The way we use (and misuse) land is at the core of the housing crisis. I’ve written before about the huge disparity between agricultural and residential land prices, the fact that land is the major element in the value of a house, the appalling level of EU subsidy that goes to big landowners and which props up an inefficient system of land use, and the benefits of a land value tax.
Is there a chance that Brexit could lead to a better and more efficient use of land, and perhaps make more land available for housing?
Well, that will depend upon a number of imponderables or “known unknowns”. But here is my take on some of the key forces that could determine the pattern of land use in post-Brexit England. Continue reading
Theresa May is a fan of the great Joseph Chamberlain, the statesman who transformed Birmingham in the late 19th century by “nationalising” competing gas and water companies, clearing slums, erecting great civic buildings and creating Haussmann-style vistas. His record on municipal housebuilding is patchy but nonetheless he believed in state intervention to fix failing markets, something that the new Conservative regime appears to be edging towards, at least in housing. Continue reading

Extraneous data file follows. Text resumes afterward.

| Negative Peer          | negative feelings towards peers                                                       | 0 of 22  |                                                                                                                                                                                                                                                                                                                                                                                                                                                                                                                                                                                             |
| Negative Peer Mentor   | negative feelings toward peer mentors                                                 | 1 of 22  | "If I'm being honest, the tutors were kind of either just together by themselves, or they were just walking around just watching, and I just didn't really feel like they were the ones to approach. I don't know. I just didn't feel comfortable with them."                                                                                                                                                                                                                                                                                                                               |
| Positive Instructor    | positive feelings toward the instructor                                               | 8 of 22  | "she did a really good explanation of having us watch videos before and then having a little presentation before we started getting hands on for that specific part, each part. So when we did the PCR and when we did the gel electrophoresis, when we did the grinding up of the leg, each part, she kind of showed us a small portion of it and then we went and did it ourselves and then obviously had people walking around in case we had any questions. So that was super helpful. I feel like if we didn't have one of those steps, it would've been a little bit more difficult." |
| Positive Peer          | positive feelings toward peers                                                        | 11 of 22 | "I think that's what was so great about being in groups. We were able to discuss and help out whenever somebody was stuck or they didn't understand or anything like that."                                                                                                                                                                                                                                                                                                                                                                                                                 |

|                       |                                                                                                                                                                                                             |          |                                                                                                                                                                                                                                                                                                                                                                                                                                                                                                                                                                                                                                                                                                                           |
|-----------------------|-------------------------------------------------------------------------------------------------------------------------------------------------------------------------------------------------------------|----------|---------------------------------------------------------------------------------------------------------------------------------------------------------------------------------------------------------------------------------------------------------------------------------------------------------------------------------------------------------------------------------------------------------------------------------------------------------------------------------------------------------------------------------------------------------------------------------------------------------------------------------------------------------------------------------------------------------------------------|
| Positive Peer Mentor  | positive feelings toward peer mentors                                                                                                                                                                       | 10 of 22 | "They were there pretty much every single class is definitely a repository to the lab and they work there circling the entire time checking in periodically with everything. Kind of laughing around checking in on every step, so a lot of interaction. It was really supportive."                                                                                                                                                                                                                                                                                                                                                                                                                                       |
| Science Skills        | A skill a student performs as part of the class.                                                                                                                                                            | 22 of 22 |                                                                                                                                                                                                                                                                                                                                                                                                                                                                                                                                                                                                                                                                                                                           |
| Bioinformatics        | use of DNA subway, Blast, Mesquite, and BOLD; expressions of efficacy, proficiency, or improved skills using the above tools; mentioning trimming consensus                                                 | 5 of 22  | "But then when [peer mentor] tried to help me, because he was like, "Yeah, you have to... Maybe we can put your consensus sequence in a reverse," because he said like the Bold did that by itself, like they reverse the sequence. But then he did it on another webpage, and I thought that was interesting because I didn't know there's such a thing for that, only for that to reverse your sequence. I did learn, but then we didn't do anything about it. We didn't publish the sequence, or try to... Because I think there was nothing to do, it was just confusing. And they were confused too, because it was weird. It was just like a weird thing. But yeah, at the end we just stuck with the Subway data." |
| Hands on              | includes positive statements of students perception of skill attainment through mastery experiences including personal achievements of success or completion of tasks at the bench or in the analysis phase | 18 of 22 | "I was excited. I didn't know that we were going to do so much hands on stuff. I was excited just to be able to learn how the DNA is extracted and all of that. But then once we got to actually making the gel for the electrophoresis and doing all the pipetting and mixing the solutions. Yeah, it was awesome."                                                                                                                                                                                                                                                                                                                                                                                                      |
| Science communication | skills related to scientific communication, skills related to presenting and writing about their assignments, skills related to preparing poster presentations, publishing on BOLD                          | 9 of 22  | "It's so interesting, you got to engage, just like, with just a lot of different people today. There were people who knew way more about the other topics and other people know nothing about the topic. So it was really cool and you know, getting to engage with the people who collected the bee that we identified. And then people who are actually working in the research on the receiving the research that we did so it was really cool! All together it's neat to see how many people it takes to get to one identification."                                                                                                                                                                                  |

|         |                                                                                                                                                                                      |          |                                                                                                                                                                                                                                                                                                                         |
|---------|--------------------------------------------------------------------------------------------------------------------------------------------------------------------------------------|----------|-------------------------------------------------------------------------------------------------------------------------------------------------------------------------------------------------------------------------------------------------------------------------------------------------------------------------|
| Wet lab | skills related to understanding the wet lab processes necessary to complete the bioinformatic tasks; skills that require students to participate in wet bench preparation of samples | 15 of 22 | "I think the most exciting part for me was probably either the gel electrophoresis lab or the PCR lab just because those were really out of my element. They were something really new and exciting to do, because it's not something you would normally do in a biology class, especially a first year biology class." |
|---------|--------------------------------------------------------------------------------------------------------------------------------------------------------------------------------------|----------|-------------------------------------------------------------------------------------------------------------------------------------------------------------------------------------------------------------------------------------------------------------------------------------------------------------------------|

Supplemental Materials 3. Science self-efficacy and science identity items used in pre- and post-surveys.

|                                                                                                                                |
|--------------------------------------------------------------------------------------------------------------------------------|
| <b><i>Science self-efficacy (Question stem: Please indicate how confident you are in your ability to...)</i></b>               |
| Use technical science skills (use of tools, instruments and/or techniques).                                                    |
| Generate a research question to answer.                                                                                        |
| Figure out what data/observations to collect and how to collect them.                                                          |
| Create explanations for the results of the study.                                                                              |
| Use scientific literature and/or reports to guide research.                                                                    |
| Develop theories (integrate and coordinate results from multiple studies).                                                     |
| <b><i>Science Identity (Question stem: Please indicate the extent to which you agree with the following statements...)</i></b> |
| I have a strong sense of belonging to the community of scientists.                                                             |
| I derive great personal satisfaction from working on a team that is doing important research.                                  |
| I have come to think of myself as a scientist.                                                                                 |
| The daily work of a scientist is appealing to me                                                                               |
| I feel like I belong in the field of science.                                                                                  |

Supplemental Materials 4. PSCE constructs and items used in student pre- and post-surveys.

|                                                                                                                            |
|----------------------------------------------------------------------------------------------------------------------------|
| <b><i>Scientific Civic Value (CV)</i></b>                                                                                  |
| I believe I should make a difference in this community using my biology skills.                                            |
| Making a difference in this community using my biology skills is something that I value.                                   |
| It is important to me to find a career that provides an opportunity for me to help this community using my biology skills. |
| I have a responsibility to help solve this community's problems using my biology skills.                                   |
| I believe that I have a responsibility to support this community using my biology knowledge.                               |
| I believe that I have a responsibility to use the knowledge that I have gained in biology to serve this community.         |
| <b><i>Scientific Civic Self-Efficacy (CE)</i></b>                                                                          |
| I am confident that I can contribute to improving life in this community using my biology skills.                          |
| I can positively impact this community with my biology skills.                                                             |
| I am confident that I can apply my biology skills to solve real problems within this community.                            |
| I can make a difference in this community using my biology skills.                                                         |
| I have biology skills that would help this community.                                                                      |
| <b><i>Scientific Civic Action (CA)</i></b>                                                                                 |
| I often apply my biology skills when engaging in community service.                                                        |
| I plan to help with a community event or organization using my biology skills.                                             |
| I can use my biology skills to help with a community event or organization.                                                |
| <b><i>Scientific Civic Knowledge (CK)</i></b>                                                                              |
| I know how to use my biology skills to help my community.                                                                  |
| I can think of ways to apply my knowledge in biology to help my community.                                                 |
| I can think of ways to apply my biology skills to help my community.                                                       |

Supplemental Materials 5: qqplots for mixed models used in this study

It is universally acknowledged that the UK has a housing crisis. But the whole trajectory of Conservative thinking on housing and planning is towards home ownership and away from “affordable” housing built by councils and housing associations.
The government’s current housing plans propose spending £42.7bn on a raft of home ownership initiatives and only £2bn on social and affordable homes. This balance should be reversed – it is time to invest in social housing.
Pumping in money to increase demand without addressing structural supply issues is foolhardy. It simply pushes up prices and makes buying an ever more distant prospect for millions. Is it any surprise that home ownership is at its lowest level for 30 years? Continue reading
The social housing sector is a bit like the Labour party – deeply divided, although not quite so nasty.
On the one side are the pragmatists, those prepared to go with the flow and do the government’s bidding, with its trajectory towards home ownership. Some in this group see a bright future in a more commercial environment, where they build homes for sale and private rent. A tiny few look forward to a future where they can break free from the shackles of state control and become fully private companies. Continue reading